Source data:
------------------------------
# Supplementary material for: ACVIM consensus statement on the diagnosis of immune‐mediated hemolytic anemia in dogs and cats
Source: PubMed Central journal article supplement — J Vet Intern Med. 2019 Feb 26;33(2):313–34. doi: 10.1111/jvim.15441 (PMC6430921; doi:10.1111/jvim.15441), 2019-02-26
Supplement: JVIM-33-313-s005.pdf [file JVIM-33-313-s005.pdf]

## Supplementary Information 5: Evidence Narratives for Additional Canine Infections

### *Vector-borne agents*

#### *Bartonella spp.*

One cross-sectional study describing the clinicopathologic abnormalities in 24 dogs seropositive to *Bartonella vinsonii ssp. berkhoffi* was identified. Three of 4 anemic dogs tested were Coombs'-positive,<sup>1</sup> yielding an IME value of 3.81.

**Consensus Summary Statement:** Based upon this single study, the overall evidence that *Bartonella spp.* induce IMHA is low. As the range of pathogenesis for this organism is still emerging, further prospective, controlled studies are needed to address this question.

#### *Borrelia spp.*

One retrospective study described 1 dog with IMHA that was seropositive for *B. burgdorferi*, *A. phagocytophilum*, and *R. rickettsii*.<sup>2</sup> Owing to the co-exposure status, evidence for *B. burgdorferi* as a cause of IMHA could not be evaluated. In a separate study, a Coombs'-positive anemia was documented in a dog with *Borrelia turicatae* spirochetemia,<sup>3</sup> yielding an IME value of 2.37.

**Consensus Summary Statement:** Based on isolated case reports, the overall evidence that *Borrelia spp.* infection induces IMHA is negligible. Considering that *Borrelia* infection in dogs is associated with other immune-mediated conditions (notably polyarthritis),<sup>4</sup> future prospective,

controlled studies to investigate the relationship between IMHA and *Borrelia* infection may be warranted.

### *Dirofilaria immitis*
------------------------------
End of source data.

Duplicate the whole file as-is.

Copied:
# Supplementary material for: ACVIM consensus statement on the diagnosis of immune‐mediated hemolytic anemia in dogs and cats
Source: PubMed Central journal article supplement — J Vet Intern Med. 2019 Feb 26;33(2):313–34. doi: 10.1111/jvim.15441 (PMC6430921; doi:10.1111/jvim.15441), 2019-02-26
Supplement: JVIM-33-313-s005.pdf [file JVIM-33-313-s005.pdf]

## Supplementary Information 5: Evidence Narratives for Additional Canine Infections

### *Vector-borne agents*

#### *Bartonella spp.*

One cross-sectional study describing the clinicopathologic abnormalities in 24 dogs seropositive to *Bartonella vinsonii ssp. berkhoffi* was identified. Three of 4 anemic dogs tested were Coombs'-positive,<sup>1</sup> yielding an IME value of 3.81.

**Consensus Summary Statement:** Based upon this single study, the overall evidence that *Bartonella spp.* induce IMHA is low. As the range of pathogenesis for this organism is still emerging, further prospective, controlled studies are needed to address this question.

#### *Borrelia spp.*

One retrospective study described 1 dog with IMHA that was seropositive for *B. burgdorferi*, *A. phagocytophilum*, and *R. rickettsii*.<sup>2</sup> Owing to the co-exposure status, evidence for *B. burgdorferi* as a cause of IMHA could not be evaluated. In a separate study, a Coombs'-positive anemia was documented in a dog with *Borrelia turicatae* spirochetemia,<sup>3</sup> yielding an IME value of 2.37.

**Consensus Summary Statement:** Based on isolated case reports, the overall evidence that *Borrelia spp.* infection induces IMHA is negligible. Considering that *Borrelia* infection in dogs is associated with other immune-mediated conditions (notably polyarthritis),<sup>4</sup> future prospective,

controlled studies to investigate the relationship between IMHA and *Borrelia* infection may be warranted.

### *Dirofilaria immitis*